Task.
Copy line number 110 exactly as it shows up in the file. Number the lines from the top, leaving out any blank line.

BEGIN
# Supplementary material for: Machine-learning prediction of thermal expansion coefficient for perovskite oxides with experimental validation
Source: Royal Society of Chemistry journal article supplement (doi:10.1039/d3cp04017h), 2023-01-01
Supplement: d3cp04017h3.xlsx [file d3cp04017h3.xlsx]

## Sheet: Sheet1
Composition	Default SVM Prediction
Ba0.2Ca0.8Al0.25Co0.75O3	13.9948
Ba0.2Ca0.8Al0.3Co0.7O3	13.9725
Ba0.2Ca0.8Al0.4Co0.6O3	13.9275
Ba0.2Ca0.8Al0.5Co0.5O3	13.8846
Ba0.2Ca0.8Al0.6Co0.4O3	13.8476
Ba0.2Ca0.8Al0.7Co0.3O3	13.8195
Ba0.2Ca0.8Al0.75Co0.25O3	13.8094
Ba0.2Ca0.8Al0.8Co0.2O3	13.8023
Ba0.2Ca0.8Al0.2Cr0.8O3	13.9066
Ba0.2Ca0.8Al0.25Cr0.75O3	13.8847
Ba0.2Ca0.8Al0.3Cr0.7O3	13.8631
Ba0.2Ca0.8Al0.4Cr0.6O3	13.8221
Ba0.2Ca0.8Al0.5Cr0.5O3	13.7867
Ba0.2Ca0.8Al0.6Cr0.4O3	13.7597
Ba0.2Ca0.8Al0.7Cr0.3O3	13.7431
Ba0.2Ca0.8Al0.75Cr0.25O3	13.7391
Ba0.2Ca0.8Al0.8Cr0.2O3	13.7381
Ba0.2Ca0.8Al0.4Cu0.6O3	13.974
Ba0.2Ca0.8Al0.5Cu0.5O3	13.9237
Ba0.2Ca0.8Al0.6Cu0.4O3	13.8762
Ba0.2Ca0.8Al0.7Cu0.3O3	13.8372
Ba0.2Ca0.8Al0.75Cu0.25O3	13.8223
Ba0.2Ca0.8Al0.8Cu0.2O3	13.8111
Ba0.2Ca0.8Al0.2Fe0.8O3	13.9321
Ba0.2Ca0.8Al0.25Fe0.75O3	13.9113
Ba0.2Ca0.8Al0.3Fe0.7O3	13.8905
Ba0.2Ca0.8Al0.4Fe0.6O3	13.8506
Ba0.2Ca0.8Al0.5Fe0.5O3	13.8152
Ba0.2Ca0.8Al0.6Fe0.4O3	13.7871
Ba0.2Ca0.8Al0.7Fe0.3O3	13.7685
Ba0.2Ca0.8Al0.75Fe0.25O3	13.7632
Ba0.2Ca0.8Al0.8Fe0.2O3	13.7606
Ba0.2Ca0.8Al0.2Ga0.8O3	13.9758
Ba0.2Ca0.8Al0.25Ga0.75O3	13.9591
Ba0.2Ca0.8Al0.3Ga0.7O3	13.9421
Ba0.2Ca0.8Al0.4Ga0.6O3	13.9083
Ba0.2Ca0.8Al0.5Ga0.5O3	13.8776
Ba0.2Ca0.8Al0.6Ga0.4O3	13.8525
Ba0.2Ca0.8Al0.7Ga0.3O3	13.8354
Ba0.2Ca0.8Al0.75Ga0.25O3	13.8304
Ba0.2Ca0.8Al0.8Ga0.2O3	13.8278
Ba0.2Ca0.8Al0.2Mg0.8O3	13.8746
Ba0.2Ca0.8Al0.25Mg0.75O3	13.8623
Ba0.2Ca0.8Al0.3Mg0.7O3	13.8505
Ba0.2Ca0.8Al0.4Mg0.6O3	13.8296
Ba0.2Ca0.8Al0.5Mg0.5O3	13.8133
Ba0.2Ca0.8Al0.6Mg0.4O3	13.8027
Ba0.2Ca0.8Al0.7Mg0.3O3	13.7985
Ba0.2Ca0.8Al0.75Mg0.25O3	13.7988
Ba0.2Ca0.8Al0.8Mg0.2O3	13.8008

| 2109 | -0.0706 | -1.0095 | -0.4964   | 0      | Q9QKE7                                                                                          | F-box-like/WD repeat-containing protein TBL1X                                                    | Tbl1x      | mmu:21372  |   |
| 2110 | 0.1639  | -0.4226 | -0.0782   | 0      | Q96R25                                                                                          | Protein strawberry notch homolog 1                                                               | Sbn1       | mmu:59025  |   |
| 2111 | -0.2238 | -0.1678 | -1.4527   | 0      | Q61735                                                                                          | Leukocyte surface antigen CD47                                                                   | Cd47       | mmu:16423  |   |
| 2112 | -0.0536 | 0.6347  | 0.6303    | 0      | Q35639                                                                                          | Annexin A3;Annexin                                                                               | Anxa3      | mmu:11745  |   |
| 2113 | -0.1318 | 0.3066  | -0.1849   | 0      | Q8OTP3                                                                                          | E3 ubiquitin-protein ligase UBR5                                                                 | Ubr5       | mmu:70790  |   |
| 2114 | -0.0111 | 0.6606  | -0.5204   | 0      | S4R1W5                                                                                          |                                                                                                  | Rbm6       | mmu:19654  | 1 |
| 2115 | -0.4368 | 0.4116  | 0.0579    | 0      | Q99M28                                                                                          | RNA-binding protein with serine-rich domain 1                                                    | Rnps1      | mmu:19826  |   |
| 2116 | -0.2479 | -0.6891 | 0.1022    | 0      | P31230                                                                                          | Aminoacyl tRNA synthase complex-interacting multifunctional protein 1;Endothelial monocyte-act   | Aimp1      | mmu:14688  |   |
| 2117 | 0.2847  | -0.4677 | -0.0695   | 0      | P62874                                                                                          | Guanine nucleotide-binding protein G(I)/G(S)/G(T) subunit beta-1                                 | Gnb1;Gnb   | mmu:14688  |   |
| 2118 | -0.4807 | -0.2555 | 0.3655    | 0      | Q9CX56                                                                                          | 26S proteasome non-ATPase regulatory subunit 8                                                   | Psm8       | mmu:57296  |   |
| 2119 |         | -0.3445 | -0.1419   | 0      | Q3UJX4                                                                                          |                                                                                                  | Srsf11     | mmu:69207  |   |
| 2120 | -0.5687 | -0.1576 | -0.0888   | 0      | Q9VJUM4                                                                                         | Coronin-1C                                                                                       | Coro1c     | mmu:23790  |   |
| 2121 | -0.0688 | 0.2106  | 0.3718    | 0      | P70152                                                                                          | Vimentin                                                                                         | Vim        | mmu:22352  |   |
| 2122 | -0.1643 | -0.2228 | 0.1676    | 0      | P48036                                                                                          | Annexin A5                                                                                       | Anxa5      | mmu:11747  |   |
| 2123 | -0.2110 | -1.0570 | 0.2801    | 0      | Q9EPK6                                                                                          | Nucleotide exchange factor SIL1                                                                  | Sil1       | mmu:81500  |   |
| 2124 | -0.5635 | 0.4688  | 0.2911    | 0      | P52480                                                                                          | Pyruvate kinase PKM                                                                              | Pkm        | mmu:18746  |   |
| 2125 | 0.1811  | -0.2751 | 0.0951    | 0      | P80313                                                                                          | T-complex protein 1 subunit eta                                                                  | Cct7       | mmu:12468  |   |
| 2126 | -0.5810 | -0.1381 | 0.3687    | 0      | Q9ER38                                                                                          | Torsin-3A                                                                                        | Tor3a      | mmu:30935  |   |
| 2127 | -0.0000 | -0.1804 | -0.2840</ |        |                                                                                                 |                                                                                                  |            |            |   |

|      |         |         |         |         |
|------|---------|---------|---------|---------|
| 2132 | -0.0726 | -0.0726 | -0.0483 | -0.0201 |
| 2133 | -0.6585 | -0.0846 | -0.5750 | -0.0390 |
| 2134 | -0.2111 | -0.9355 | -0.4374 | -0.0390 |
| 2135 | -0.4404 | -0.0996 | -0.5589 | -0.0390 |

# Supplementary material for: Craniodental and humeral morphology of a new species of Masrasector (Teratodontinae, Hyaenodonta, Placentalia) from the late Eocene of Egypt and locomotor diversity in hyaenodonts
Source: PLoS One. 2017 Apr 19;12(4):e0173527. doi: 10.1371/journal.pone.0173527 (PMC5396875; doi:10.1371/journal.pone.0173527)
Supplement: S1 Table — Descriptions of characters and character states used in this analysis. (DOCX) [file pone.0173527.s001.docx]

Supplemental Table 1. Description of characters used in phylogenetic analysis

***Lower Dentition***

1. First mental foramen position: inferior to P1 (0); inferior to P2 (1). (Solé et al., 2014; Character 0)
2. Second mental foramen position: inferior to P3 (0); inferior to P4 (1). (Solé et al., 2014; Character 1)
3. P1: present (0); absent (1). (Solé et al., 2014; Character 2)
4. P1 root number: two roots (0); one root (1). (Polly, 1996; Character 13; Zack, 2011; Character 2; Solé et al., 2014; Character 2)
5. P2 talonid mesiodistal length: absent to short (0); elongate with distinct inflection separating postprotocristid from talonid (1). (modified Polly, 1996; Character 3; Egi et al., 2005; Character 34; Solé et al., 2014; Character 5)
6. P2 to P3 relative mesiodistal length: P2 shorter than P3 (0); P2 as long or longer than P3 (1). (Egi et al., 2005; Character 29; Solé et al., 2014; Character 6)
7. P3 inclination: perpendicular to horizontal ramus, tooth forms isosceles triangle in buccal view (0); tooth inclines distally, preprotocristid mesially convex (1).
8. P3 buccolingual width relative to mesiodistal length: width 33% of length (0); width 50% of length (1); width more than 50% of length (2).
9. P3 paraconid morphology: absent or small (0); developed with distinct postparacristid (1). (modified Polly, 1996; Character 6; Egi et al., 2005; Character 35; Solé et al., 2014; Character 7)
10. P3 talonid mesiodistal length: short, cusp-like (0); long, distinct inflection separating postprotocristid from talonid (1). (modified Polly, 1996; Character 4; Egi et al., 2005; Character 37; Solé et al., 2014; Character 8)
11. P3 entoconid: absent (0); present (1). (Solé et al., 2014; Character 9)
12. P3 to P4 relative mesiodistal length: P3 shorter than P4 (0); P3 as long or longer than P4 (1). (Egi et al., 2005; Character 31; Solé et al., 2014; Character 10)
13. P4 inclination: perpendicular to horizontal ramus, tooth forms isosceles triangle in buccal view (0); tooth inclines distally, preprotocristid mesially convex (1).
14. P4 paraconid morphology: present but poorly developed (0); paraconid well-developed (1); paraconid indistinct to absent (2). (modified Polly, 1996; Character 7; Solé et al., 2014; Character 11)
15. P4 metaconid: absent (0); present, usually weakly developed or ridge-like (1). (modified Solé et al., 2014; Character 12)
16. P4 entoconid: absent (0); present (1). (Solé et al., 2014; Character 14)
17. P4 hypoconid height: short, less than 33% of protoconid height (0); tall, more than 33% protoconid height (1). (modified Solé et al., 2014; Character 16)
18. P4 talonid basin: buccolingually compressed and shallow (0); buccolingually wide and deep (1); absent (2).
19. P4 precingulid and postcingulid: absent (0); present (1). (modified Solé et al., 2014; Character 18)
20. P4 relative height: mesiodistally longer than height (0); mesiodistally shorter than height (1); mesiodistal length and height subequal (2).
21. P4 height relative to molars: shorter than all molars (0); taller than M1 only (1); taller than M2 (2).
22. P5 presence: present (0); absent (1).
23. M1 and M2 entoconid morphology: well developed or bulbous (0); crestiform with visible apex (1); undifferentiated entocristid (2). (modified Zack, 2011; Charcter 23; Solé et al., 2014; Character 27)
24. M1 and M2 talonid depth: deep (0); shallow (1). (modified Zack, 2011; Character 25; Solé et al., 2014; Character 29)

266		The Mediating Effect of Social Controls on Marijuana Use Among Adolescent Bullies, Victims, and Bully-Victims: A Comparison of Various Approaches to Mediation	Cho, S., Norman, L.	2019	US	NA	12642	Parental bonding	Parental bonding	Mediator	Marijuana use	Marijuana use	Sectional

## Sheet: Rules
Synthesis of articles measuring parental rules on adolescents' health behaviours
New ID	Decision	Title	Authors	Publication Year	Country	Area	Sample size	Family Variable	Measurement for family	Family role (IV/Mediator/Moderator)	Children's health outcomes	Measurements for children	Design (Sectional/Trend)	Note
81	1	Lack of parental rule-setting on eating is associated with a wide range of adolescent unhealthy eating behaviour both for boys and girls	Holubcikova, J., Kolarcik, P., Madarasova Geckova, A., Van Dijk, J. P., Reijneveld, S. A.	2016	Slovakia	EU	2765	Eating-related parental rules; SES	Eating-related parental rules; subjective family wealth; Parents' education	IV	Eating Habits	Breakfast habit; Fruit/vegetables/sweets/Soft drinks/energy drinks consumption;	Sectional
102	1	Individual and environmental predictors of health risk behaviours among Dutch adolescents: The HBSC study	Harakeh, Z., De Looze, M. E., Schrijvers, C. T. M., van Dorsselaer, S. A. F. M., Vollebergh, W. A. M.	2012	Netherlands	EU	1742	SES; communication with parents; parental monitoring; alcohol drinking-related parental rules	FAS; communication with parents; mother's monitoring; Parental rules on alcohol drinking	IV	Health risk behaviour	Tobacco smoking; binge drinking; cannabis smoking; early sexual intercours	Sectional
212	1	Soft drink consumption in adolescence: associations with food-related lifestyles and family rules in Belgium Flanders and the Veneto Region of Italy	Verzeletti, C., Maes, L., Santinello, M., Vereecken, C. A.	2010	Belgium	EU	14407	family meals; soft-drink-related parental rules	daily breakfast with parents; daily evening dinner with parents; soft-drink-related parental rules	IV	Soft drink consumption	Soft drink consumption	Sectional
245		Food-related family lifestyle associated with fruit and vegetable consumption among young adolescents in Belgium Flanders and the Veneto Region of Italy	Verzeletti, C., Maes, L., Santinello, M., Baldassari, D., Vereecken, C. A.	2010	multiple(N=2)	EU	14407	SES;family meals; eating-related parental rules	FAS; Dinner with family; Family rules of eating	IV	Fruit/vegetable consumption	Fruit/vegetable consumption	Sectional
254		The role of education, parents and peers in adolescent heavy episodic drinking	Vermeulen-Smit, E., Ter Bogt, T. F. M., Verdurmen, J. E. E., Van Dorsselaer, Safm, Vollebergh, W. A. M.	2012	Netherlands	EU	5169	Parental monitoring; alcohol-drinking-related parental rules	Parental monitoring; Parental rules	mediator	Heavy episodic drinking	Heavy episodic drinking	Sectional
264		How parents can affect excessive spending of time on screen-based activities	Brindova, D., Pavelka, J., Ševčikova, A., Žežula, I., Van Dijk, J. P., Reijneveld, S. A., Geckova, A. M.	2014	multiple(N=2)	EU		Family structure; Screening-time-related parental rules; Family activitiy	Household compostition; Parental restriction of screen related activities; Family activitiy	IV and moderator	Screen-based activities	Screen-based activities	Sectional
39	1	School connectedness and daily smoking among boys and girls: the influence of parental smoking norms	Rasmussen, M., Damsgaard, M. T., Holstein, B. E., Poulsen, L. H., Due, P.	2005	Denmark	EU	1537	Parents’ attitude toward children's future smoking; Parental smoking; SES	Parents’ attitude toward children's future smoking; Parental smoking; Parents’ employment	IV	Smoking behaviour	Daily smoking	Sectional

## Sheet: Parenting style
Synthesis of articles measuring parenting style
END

266		The Mediating Effect of Social Controls on Marijuana Use Among Adolescent Bullies, Victims, and Bully-Victims: A Comparison of Various Approaches to Mediation	Cho, S., Norman, L.	2019	US	NA	12642	Parental bonding	Parental bonding	Mediator	Marijuana use	Marijuana use	Sectional